Steve Schlarman

The Data Classification Curve

Blog Post created by Steve Schlarman Employee on Oct 1, 2014

Data Classification is an absolute core tenet of information security.  I would bet money that if you collected a dozen Info Sec pros in a room and asked for 10 major commandments, Data Classification would be one of them.  It goes back even further than the Orange Book (for those old-timers out there).    Interesting tidbit – the original Ten Commandments were published as “Public Use” documents.   In fact, some of the Dead Sea Scrolls had labels of “Top Secret” on the parchment. Ok – I am stretching the truth a bit but you get my drift.    Labelling data based on its sensitivity is a very important part of security and has been around for a long time.  You have to know what you are protecting.


Companies still struggle with this basic premise of security.   Almost every organization has some scheme to label systems and data based on the value to the organization.  This is a good thing.  It sets the bar for securing information, it establishes basic control requirements and it educates the information user on the importance of protecting the data. However, with the proliferation of data in an organization, it is never cost effective to implement a stringent (dare I say completely accurate) process to label data.   Most classification themes and methodologies focus on point in time classification.  The reality is that the sensitivity of some data grows or diminishes over time.   Let’s take a look at some examples:


Financial reporting data can be extremely sensitive.  Companies go into lock down mode near end of quarter as the numbers are crunched for earnings reports.  That data is absolutely on a need to know basis until POOF! the numbers are released and they become UBER-Public.  So the curve of sensitivity (simplistically visualized) looks something like:



Personal Information has a different curve.  A name by itself is mostly harmless.  A name plus a phone number is relatively harmless.  But a combination of certain personally identifiable information (depending on your jurisdiction) can instantly become extremely sensitive. PII (or EPHI) has a sensitivity curve like this:



If you evaluate other forms of information in your organization – Research and Development plans, Merger and Acquisition negotiations, Pricing negotiations, etc. – most every form of data will have some curve related to its sensitivity. Sticking a label on the data at any one time may or may not be valid over the lifetime of the data.  Modifying the controls based on these changes could be impossible. Creating a Control Curve that mimics the Classification Curve is most likely completely cost ineffective or administratively impossible (e.g. moving data between control environments based on changes).  Then you have other challenges like what happens when mixed data is sitting together such as last Quarter’s earnings numbers (Public information) sitting with next Quarter’s earning numbers (Very sensitive)?  Of course you default to the highest level security but it muddies the picture.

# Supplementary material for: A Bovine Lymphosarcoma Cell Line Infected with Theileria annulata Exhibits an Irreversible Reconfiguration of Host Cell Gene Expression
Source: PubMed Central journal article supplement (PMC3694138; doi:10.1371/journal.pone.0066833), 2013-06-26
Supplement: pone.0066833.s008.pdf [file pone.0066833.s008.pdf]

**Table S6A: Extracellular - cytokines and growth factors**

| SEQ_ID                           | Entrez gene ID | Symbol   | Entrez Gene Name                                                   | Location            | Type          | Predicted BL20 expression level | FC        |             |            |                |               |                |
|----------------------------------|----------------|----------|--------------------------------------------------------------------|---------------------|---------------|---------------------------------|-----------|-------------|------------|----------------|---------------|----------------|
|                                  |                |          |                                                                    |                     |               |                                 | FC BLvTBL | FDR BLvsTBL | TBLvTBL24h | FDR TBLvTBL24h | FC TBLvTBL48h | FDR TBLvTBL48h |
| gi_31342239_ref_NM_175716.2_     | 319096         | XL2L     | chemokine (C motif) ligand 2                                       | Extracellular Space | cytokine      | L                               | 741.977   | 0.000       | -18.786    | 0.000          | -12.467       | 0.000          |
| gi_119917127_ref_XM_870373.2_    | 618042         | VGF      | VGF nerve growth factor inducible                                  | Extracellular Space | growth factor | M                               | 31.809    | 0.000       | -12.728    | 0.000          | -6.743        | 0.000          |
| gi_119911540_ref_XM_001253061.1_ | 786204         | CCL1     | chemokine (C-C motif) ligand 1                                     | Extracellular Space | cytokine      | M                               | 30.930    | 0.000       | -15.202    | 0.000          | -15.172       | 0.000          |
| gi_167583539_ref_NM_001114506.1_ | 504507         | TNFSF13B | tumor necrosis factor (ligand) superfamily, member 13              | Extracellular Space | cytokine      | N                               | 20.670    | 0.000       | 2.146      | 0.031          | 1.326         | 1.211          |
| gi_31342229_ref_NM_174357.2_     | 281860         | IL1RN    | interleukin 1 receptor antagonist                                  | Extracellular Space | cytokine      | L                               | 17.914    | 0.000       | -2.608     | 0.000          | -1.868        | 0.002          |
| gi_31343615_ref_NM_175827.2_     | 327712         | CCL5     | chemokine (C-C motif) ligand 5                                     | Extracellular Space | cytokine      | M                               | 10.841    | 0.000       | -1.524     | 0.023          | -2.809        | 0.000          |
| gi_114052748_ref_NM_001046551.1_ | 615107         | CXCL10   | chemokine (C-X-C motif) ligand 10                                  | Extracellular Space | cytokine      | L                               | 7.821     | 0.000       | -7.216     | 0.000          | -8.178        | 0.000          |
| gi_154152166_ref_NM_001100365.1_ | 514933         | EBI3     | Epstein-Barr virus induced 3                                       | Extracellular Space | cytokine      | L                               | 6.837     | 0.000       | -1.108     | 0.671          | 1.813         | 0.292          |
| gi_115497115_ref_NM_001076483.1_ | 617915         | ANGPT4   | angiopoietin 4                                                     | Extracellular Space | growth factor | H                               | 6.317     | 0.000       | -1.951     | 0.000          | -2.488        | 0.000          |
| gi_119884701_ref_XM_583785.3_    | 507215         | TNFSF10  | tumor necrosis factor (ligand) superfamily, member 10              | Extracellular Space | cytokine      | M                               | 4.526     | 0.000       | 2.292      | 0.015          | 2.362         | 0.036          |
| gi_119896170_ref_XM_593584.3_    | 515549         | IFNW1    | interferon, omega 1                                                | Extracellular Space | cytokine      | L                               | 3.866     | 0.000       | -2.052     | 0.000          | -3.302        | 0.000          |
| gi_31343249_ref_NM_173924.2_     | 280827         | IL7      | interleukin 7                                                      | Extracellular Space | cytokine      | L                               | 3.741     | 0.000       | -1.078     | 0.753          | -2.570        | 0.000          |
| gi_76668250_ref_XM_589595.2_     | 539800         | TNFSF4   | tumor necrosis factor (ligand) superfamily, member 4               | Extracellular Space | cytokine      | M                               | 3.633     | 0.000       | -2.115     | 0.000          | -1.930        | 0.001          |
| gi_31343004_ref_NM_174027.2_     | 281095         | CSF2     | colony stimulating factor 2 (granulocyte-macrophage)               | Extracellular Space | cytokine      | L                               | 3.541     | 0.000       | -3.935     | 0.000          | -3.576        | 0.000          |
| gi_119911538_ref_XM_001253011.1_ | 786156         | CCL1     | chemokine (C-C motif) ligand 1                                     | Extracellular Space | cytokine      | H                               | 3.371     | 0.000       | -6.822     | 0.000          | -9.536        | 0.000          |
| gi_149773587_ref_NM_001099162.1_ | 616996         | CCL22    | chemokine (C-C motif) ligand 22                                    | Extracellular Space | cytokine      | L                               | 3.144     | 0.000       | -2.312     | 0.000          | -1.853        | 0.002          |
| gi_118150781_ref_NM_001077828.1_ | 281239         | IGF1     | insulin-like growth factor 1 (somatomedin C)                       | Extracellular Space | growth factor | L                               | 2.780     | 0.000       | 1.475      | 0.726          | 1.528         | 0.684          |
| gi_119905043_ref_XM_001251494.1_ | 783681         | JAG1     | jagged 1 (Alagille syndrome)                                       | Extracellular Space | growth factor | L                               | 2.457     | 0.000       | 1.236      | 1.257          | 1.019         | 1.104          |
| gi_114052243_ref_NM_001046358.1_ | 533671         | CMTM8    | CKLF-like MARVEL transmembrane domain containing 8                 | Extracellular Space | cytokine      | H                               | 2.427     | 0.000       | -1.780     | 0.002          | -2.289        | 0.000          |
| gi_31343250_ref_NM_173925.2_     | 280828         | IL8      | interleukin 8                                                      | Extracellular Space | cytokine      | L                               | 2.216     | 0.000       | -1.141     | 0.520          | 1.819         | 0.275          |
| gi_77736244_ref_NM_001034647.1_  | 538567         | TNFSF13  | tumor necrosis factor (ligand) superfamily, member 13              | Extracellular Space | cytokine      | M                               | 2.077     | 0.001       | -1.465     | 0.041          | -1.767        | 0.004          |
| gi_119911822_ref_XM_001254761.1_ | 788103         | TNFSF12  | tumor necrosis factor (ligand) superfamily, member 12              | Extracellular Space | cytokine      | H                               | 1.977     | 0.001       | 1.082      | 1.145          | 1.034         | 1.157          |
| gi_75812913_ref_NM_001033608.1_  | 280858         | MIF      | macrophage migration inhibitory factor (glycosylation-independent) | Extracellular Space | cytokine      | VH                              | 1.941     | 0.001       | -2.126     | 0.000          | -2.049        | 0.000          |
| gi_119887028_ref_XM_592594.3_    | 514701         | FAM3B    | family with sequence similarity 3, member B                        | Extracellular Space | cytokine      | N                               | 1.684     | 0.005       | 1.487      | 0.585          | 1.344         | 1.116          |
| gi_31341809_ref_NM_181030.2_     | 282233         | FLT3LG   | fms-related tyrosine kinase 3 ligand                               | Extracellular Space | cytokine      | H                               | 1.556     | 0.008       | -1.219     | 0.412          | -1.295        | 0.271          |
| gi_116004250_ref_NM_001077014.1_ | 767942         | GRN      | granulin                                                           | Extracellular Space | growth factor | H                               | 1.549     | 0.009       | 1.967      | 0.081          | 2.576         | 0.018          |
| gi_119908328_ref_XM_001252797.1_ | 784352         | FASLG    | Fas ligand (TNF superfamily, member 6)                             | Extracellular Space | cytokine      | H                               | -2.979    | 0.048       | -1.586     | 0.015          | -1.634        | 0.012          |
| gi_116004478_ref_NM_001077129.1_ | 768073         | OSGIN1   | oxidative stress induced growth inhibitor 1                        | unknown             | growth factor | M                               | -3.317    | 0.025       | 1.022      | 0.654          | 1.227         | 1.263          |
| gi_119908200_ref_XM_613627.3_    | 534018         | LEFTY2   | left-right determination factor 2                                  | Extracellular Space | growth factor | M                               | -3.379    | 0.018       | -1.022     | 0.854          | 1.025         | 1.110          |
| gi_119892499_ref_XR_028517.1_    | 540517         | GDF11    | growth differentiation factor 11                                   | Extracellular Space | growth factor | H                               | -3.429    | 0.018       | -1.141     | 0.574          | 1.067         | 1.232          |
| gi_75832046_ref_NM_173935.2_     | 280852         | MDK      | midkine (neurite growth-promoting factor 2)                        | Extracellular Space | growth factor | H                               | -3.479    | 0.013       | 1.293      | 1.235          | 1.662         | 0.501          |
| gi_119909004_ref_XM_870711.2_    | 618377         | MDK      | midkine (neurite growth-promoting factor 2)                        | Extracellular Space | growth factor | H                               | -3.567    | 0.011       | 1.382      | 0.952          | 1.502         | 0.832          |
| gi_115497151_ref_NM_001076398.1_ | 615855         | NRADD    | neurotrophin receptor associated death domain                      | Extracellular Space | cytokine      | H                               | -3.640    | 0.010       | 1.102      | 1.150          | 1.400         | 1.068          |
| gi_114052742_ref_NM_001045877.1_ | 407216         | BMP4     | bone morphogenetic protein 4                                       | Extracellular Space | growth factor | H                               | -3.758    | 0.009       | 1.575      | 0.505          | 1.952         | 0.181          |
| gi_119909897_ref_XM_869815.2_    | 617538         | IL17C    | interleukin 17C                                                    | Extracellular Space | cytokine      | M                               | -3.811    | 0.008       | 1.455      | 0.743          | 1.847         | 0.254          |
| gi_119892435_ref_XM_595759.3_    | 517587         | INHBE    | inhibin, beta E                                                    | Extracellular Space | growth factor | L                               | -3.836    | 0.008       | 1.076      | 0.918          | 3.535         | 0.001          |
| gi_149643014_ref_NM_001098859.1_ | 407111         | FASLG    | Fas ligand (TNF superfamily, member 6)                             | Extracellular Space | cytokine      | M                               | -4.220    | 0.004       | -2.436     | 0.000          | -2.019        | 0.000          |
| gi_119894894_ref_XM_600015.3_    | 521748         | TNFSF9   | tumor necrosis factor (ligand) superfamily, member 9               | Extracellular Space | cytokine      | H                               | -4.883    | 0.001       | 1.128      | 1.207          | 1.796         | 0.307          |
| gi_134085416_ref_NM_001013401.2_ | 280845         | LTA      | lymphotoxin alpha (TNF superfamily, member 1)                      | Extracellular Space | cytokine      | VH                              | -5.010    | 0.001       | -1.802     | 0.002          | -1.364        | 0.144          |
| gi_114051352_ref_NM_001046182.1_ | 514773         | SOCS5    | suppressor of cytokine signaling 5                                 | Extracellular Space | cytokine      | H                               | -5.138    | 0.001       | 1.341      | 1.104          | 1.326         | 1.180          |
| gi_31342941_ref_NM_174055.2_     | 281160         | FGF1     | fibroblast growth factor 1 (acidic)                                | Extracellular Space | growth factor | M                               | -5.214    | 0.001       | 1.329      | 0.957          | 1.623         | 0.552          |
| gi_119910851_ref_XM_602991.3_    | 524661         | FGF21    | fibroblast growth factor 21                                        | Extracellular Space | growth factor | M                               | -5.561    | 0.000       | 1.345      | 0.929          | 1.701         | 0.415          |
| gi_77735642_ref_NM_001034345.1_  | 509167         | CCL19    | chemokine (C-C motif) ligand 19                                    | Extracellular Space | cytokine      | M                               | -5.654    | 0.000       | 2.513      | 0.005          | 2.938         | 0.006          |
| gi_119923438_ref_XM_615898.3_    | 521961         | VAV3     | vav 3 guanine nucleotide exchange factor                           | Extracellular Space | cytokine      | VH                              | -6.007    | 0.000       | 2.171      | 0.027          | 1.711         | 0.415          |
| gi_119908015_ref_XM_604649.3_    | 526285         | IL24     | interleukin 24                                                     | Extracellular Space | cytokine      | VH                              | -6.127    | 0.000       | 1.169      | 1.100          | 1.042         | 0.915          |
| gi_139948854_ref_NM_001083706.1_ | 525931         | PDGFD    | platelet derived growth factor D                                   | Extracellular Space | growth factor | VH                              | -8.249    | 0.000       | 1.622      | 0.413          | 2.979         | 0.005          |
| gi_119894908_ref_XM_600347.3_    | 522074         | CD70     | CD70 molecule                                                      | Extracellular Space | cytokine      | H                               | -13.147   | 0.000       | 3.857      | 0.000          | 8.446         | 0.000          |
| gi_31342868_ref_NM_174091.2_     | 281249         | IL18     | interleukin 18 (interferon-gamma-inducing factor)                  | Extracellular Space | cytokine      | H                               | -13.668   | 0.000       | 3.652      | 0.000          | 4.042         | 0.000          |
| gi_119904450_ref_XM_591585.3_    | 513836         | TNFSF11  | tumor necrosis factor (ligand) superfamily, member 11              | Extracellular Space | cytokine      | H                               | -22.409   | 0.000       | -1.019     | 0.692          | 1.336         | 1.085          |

So do we throw Data Classification out the window when it comes to information security? Absolutely not.  What we need to incorporate in our strategies is the notion that the data does change over time and that this has to be a living part of the security program.  Information Owners should be educated about their “curve” and Security must be aware of the major shifts in sensitivity during the data lifecycle.  A fluid, working relationship between Information Owners and Information Custodians needs to be established to ensure controls (and level/cost of effort) is commensurate with the sensitivity of the data. Labels shouldn’t be placed on data using permanent glue.  Instead, applying Velcro labels that can be modified is a better approach.  The challenge is getting the right conversation going in the first place and this drives right into one of my constant themes – Business Context for Information Security.


Business Context for Information Security is the cornerstone of building a security strategy that meets 21st century demands. Information Security functions need the visibility to adjust efforts, prioritize issues and focus controls based on the value to the business.   Data Classification and understanding information assets is a critical part of this visibility.   When a security function can work with the business to understand these data sensitivity curves, it is much better positioned to address threats to the data. Fostering this conversation should be a priority as part of the greater security strategy.